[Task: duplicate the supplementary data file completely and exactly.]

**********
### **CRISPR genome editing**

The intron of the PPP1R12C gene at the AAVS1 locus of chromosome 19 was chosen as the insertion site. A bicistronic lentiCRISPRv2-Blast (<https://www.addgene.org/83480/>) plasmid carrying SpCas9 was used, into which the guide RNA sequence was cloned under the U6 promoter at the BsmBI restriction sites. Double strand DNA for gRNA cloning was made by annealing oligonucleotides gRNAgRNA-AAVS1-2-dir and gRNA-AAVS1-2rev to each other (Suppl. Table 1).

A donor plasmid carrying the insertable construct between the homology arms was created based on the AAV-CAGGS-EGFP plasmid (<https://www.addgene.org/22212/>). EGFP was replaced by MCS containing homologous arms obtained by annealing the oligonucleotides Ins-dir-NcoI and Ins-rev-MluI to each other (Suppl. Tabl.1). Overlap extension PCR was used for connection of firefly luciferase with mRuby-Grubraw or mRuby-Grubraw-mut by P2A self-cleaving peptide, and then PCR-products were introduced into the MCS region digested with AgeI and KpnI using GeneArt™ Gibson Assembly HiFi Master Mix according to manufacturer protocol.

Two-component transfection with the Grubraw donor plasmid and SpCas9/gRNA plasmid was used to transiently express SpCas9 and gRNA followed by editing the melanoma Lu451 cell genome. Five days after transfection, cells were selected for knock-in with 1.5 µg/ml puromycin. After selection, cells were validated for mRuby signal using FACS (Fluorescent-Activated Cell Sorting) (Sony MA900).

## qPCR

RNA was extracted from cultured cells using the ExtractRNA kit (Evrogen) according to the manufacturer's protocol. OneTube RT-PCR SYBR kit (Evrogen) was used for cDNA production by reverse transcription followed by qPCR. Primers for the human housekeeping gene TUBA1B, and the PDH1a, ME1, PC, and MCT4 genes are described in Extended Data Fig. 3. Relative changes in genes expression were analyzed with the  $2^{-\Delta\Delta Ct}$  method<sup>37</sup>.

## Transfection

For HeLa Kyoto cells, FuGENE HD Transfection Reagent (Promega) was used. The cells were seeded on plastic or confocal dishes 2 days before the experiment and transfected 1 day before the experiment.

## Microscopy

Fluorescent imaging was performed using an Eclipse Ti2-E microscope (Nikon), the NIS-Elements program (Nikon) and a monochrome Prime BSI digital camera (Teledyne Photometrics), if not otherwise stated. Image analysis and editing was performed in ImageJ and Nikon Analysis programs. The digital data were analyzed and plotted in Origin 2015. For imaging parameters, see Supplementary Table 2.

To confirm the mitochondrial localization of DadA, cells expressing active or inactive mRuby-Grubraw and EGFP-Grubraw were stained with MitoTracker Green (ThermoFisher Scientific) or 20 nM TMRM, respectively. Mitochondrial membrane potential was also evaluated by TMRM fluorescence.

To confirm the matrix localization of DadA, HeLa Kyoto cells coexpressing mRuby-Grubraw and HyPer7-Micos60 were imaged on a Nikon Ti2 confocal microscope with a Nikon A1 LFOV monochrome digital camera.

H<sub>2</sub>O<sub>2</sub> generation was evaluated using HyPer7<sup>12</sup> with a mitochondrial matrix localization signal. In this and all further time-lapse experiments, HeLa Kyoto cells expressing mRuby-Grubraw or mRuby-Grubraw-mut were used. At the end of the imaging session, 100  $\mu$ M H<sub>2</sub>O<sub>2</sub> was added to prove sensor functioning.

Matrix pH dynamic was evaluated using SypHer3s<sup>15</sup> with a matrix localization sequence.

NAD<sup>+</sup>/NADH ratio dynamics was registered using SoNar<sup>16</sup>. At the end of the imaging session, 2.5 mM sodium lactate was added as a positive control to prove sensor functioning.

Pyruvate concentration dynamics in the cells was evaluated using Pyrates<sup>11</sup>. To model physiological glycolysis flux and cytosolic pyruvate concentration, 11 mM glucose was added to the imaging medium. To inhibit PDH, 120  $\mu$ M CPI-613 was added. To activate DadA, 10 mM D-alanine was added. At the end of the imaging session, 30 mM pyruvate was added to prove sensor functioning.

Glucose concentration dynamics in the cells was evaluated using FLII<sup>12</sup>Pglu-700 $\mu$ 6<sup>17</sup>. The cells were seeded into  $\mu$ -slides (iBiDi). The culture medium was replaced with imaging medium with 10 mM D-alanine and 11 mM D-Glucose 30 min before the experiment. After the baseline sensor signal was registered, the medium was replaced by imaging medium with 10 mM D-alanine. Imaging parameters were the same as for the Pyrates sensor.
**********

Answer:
### **CRISPR genome editing**

The intron of the PPP1R12C gene at the AAVS1 locus of chromosome 19 was chosen as the insertion site. A bicistronic lentiCRISPRv2-Blast (<https://www.addgene.org/83480/>) plasmid carrying SpCas9 was used, into which the guide RNA sequence was cloned under the U6 promoter at the BsmBI restriction sites. Double strand DNA for gRNA cloning was made by annealing oligonucleotides gRNAgRNA-AAVS1-2-dir and gRNA-AAVS1-2rev to each other (Suppl. Table 1).

A donor plasmid carrying the insertable construct between the homology arms was created based on the AAV-CAGGS-EGFP plasmid (<https://www.addgene.org/22212/>). EGFP was replaced by MCS containing homologous arms obtained by annealing the oligonucleotides Ins-dir-NcoI and Ins-rev-MluI to each other (Suppl. Tabl.1). Overlap extension PCR was used for connection of firefly luciferase with mRuby-Grubraw or mRuby-Grubraw-mut by P2A self-cleaving peptide, and then PCR-products were introduced into the MCS region digested with AgeI and KpnI using GeneArt™ Gibson Assembly HiFi Master Mix according to manufacturer protocol.

Two-component transfection with the Grubraw donor plasmid and SpCas9/gRNA plasmid was used to transiently express SpCas9 and gRNA followed by editing the melanoma Lu451 cell genome. Five days after transfection, cells were selected for knock-in with 1.5 µg/ml puromycin. After selection, cells were validated for mRuby signal using FACS (Fluorescent-Activated Cell Sorting) (Sony MA900).

## qPCR

RNA was extracted from cultured cells using the ExtractRNA kit (Evrogen) according to the manufacturer's protocol. OneTube RT-PCR SYBR kit (Evrogen) was used for cDNA production by reverse transcription followed by qPCR. Primers for the human housekeeping gene TUBA1B, and the PDH1a, ME1, PC, and MCT4 genes are described in Extended Data Fig. 3. Relative changes in genes expression were analyzed with the  $2^{-\Delta\Delta Ct}$  method<sup>37</sup>.

## Transfection

For HeLa Kyoto cells, FuGENE HD Transfection Reagent (Promega) was used. The cells were seeded on plastic or confocal dishes 2 days before the experiment and transfected 1 day before the experiment.

## Microscopy

Fluorescent imaging was performed using an Eclipse Ti2-E microscope (Nikon), the NIS-Elements program (Nikon) and a monochrome Prime BSI digital camera (Teledyne Photometrics), if not otherwise stated. Image analysis and editing was performed in ImageJ and Nikon Analysis programs. The digital data were analyzed and plotted in Origin 2015. For imaging parameters, see Supplementary Table 2.

To confirm the mitochondrial localization of DadA, cells expressing active or inactive mRuby-Grubraw and EGFP-Grubraw were stained with MitoTracker Green (ThermoFisher Scientific) or 20 nM TMRM, respectively. Mitochondrial membrane potential was also evaluated by TMRM fluorescence.

To confirm the matrix localization of DadA, HeLa Kyoto cells coexpressing mRuby-Grubraw and HyPer7-Micos60 were imaged on a Nikon Ti2 confocal microscope with a Nikon A1 LFOV monochrome digital camera.

H<sub>2</sub>O<sub>2</sub> generation was evaluated using HyPer7<sup>12</sup> with a mitochondrial matrix localization signal. In this and all further time-lapse experiments, HeLa Kyoto cells expressing mRuby-Grubraw or mRuby-Grubraw-mut were used. At the end of the imaging session, 100  $\mu$ M H<sub>2</sub>O<sub>2</sub> was added to prove sensor functioning.

Matrix pH dynamic was evaluated using SypHer3s<sup>15</sup> with a matrix localization sequence.

NAD<sup>+</sup>/NADH ratio dynamics was registered using SoNar<sup>16</sup>. At the end of the imaging session, 2.5 mM sodium lactate was added as a positive control to prove sensor functioning.

Pyruvate concentration dynamics in the cells was evaluated using Pyrates<sup>11</sup>. To model physiological glycolysis flux and cytosolic pyruvate concentration, 11 mM glucose was added to the imaging medium. To inhibit PDH, 120  $\mu$ M CPI-613 was added. To activate DadA, 10 mM D-alanine was added. At the end of the imaging session, 30 mM pyruvate was added to prove sensor functioning.

Glucose concentration dynamics in the cells was evaluated using FLII<sup>12</sup>Pglu-700 $\mu$ 6<sup>17</sup>. The cells were seeded into  $\mu$ -slides (iBiDi). The culture medium was replaced with imaging medium with 10 mM D-alanine and 11 mM D-Glucose 30 min before the experiment. After the baseline sensor signal was registered, the medium was replaced by imaging medium with 10 mM D-alanine. Imaging parameters were the same as for the Pyrates sensor.